A problem arises in electroslag refining of large diameter ingots because of the formation of a relatively deep melt pool during processing. The deep pool results in excessive macrosegregation and microsegregation, manifest as "freckles", and in less desirable microstructures.
One way to overcome this deep pool problem is to reduce the diameter of the ingot being processed, but this adversely affects the economics of the process and limits the maximum product size. Another way is to incorporate a subsequent melting step in combination with the electroslag refining. The subsequent melting step is vacuum arc remelting, and is a well known process, known to produce a relatively shallow melt pool and to produce a better microstructure. Thus, for any given alloy, it is generally agreed that a larger diameter ingot of acceptable quality can be produced by vacuum arc remelting as compared to electroslag remelting. Nonetheless, there are size limitations for vacuum arc remelting which, if exceeded, produce ingots with unacceptable levels of macrosegregation and microsegregation. Ingots from vacuum arc remelting may also contain inherent defects known as "white spots".
Cast ingot is processed via conventional mechanical working techniques to yield wrought stock with improved microstructures and properties. Such a combination of mechanical working may involve a combination of steps of forging, rolling and drawing to lead to a relatively smaller grain size. The thermomechanical processing of large ingots requires a large space on the factory floor and requires large and expensive equipment as well as large and costly energy input. In addition, the yield of final product may be low due to losses at each of the many steps involved.
For some alloys, metal producers manufacture powder prior to the metal working procedures in order to obtain the required microstructure and properties. In a common powder processing route, gas atomization is employed to produce metal powder which is subsequently screened. A selected portion of the screened powder is then encapsulated in a steel can and the can is hot isostatically pressed or extruded to consolidate the powder into a useful form. The consolidated billet may be processed by other conventional working steps to bring the consolidated product into final wrought form. Such processing of powder material is conventional and has been described in several publications.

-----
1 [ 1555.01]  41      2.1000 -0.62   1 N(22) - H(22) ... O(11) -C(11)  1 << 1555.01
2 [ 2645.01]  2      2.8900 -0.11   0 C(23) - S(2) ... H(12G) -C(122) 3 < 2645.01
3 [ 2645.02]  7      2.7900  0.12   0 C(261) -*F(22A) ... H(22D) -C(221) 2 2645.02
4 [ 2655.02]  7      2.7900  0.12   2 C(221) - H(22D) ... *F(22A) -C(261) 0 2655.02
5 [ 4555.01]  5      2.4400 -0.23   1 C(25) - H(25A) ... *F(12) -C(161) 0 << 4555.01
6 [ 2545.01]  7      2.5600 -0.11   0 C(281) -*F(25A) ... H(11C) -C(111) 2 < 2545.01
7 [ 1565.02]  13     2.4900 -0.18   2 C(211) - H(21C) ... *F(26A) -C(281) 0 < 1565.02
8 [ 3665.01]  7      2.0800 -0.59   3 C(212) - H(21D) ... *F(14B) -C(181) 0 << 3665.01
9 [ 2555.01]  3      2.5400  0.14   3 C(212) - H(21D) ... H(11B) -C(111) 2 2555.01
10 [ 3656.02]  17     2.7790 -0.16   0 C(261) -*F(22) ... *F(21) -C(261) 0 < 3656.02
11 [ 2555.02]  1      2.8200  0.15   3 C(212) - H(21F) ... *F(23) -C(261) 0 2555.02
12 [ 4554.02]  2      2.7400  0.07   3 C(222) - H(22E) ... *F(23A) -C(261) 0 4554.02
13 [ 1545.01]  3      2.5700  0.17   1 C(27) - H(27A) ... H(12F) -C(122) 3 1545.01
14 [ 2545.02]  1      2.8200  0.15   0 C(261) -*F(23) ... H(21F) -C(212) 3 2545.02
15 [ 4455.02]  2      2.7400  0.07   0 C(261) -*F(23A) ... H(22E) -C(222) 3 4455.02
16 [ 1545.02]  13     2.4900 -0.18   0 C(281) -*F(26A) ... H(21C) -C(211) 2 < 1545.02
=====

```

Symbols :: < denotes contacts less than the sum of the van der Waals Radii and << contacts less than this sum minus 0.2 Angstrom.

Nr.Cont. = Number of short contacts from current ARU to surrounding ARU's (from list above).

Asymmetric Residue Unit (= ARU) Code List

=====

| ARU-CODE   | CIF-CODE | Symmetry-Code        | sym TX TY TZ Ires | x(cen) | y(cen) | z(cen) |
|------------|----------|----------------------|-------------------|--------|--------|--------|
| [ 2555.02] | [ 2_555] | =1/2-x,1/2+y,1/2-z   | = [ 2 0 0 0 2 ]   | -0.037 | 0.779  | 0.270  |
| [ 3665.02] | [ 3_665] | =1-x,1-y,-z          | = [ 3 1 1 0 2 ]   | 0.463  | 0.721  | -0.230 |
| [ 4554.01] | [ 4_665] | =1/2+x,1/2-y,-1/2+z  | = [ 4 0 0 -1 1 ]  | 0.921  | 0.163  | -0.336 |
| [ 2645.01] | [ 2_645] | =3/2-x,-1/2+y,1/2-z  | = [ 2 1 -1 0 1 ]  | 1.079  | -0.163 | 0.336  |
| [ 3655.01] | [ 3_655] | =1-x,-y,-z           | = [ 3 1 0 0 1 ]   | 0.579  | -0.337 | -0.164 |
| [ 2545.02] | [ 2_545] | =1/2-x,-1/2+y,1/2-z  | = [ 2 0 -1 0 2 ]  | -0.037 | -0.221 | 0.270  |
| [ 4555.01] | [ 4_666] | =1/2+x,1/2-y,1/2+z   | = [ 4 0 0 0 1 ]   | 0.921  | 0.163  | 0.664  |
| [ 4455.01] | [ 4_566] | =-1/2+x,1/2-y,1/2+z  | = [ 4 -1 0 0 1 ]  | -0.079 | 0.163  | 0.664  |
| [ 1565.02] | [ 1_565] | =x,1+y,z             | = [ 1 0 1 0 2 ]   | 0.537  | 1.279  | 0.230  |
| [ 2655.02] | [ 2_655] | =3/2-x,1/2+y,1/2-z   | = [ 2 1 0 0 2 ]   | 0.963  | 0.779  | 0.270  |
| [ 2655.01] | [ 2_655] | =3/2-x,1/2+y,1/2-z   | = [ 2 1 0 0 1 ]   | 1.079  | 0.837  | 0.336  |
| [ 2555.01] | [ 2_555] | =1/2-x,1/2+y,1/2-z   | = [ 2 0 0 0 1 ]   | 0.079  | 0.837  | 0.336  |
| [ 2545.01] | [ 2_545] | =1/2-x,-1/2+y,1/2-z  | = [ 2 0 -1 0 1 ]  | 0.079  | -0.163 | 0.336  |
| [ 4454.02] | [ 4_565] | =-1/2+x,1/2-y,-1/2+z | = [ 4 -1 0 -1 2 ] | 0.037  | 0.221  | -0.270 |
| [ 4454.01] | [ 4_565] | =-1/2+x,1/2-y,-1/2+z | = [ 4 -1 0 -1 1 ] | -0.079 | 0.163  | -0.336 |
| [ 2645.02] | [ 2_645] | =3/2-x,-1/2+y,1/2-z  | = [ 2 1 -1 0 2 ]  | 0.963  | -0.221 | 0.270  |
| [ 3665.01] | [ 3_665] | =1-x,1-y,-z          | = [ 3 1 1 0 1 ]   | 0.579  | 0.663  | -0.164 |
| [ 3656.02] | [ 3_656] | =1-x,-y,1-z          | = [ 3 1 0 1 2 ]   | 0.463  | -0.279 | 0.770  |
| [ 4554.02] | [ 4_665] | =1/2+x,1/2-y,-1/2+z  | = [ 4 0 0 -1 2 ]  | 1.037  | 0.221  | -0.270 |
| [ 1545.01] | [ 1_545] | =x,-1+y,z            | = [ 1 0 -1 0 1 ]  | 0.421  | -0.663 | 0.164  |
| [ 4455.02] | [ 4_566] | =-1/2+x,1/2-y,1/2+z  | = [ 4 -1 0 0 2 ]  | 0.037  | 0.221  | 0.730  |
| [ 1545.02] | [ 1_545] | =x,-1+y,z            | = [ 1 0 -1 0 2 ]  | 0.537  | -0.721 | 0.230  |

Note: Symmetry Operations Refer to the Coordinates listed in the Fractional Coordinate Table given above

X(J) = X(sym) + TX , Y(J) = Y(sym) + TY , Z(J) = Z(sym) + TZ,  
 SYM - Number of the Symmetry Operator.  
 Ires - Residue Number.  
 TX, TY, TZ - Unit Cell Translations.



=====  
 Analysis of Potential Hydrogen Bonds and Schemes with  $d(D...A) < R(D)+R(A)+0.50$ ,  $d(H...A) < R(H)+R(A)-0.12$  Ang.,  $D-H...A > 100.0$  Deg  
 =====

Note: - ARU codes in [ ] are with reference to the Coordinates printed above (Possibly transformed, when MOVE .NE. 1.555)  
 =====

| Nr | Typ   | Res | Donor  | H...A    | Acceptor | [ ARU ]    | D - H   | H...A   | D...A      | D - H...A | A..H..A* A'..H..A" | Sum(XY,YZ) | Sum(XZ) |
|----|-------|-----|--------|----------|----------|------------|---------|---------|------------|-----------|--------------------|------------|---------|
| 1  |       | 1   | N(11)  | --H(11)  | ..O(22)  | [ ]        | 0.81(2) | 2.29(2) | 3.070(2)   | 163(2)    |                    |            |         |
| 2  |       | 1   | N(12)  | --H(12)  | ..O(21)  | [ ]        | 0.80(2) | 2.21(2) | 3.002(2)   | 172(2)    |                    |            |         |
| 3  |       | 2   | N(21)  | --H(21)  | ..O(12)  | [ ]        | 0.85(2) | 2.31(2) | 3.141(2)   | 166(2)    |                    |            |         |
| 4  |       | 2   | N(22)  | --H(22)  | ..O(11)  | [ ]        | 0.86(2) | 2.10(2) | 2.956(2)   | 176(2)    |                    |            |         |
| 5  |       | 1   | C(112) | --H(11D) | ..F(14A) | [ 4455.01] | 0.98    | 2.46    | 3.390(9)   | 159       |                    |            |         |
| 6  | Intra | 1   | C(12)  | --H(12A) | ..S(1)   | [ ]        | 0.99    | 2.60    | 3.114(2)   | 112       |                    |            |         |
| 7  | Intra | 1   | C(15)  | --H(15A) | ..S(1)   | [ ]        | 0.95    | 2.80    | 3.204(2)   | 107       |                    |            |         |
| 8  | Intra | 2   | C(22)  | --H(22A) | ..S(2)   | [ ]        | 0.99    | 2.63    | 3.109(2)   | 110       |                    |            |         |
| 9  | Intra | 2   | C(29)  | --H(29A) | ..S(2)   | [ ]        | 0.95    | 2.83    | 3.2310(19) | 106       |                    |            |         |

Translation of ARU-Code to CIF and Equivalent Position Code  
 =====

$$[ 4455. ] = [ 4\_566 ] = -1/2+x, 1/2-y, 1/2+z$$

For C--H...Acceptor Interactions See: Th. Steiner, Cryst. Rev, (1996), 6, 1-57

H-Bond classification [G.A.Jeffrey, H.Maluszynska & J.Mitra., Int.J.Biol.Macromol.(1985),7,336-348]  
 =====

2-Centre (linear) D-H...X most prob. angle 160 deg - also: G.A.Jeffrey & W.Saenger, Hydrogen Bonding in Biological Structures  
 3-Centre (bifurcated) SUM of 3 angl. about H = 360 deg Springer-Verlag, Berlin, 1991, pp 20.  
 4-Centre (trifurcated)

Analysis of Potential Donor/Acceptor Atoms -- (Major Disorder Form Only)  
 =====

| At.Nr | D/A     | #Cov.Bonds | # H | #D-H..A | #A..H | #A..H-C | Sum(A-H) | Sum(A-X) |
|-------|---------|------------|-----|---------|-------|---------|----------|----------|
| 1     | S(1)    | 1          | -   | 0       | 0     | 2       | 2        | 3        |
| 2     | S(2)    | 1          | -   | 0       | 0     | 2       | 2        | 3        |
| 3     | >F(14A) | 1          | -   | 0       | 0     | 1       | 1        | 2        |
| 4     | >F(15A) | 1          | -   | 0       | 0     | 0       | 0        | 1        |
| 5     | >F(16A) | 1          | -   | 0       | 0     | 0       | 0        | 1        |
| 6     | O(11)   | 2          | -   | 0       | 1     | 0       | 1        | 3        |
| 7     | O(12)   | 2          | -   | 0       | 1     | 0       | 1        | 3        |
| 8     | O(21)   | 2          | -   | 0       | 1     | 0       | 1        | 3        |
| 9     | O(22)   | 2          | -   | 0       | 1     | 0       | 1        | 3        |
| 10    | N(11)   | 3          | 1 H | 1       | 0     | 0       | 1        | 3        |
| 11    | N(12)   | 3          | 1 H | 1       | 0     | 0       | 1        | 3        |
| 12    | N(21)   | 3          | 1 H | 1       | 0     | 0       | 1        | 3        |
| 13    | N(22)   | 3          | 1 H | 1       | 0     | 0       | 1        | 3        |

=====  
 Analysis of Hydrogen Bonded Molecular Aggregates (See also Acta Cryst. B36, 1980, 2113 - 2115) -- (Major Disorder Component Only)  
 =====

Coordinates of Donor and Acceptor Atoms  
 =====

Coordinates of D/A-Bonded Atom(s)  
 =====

An alternative to the previously described processing routes is to spray form the product in a process described in an number of U.S. patents, including U.S. Pat. Nos. 3,909,9231; 4,926,923; 4,779,802; 5,004,153; 5,310,165 as well as a number of other patents. The spray forming process is typically used to produce semi-finished product in the form of round billets, tubes or rings. In the spray forming process, a stream of molten metal or metal alloy is atomized with inert gas and the resulting spray is directed at a collector where the atomized droplets re-coalesce to form a high density product. The collector is rotated and simultaneously oscillated and may be moved away from the spray to maintain a constant spray distance. Rapid solidification of the droplets occurs during flight and on deposition thereby resulting in a fine, uniform microstructure without macrosegregation.
The potential advantages of spray forming processes have been described in the literature. In summary, spray forming produces a fine scale microstructure characteristic of rapid solidification in a single processing step from molten metal to product. T. Andersen, et al., in a paper given at the 1st European Conference on Continuous Casting in Florence, Italy, 1991, describes the commercial Osprey™ process. Leatham et al., in U.S. Pat. No. 4,938,275, describe certain important parameters in the Osprey process and discuss the importance of extracting heat from the atomized particles. Leatham describes a procedure whereby heat is extracted from the atomized particles by supplying gas to the atomizing device under carefully controlled conditions and by controlling the further extraction of heat after deposition.
Generally, the spray forming process has been gaining acceptance in industrial usage because of the excellent macrostructural and microstructural quality, and particularly because it involves fewer processing steps and has a cost advantage over conventional powder metallurgical techniques.
To achieve the best product quality, it has long been recognized that efforts must be taken to: 1) minimize porosity within the deposited metal; and 2) assure conditions of rapid solidification on the collector surface. Optimization of the spray process involves many factors, one of which is the temperature of the collector surface. If the collector surface is too cold, large amounts of undesirable porosity will result. On the other hand, if the surface is too hot, undesirable coarse or segregated structures may result.